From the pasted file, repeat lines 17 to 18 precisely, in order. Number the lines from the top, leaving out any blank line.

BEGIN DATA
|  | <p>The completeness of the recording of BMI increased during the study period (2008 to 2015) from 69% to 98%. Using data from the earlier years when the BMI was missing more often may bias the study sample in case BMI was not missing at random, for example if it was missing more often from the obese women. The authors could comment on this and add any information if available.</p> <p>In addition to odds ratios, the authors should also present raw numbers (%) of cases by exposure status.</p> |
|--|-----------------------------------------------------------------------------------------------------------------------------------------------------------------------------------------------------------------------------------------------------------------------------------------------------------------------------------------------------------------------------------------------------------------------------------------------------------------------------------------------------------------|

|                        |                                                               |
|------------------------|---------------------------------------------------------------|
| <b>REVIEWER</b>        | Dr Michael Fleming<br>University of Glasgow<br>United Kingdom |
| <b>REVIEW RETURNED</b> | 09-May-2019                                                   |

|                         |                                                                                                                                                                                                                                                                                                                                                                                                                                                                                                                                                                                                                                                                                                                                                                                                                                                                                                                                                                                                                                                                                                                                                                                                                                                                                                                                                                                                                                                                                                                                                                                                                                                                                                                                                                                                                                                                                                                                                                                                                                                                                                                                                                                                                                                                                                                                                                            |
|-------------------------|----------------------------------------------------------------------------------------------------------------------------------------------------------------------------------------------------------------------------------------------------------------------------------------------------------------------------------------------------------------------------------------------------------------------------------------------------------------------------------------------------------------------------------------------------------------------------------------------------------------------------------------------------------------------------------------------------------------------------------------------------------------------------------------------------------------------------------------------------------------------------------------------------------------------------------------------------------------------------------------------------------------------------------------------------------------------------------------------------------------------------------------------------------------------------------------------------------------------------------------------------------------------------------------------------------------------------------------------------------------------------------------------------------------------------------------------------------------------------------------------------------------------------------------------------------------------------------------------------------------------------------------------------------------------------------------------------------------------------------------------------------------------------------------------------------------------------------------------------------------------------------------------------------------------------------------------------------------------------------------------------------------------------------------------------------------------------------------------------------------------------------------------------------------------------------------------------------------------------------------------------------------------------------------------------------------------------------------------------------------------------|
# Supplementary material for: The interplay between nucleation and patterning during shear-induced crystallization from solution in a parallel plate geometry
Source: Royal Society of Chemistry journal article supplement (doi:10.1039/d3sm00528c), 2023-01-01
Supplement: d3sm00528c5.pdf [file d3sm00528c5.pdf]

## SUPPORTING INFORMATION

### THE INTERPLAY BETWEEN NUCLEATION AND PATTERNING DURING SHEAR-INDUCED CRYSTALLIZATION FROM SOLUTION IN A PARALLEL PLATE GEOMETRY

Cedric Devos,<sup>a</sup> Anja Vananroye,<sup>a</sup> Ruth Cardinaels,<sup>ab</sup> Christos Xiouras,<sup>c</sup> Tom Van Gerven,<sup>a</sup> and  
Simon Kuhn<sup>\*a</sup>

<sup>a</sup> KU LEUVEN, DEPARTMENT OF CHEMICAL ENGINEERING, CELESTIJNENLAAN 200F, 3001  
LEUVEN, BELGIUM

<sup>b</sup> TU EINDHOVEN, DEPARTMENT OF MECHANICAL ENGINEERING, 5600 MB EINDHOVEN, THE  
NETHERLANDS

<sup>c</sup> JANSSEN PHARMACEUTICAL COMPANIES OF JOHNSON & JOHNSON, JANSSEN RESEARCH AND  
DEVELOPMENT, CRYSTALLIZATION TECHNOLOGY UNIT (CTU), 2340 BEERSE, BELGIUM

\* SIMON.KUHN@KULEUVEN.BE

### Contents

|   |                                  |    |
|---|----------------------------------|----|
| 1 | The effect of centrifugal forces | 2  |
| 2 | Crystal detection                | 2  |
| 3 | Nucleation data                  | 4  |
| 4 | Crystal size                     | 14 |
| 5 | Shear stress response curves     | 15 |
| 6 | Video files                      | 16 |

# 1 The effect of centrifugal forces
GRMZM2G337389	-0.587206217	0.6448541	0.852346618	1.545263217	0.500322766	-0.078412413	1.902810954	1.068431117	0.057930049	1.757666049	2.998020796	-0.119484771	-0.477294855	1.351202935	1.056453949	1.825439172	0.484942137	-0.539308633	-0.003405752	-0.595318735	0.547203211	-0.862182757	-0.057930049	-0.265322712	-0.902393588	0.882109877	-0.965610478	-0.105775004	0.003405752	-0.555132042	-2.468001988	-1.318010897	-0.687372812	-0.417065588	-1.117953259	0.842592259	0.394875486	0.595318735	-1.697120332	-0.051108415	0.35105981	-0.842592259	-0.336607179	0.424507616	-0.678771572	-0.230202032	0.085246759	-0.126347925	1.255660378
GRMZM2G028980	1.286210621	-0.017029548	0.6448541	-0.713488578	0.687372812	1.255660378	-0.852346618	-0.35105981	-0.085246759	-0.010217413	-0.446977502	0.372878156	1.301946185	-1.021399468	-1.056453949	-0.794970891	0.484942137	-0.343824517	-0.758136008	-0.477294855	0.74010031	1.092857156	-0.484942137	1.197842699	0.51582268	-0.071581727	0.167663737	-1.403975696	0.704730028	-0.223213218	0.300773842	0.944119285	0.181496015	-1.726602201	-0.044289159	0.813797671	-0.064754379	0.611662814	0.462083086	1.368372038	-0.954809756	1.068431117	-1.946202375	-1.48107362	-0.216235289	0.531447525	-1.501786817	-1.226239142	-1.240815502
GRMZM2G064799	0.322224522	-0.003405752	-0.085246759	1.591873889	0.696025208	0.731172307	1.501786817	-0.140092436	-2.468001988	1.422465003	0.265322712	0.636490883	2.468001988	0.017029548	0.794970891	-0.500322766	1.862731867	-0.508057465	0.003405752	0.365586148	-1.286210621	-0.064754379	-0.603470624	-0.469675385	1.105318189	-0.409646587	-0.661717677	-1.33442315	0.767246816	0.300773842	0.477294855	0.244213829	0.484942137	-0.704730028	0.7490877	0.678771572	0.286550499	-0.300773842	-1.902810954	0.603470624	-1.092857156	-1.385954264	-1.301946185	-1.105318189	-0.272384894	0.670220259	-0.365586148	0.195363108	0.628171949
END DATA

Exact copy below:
LEUVEN, BELGIUM

<sup>b</sup> TU EINDHOVEN, DEPARTMENT OF MECHANICAL ENGINEERING, 5600 MB EINDHOVEN, THE  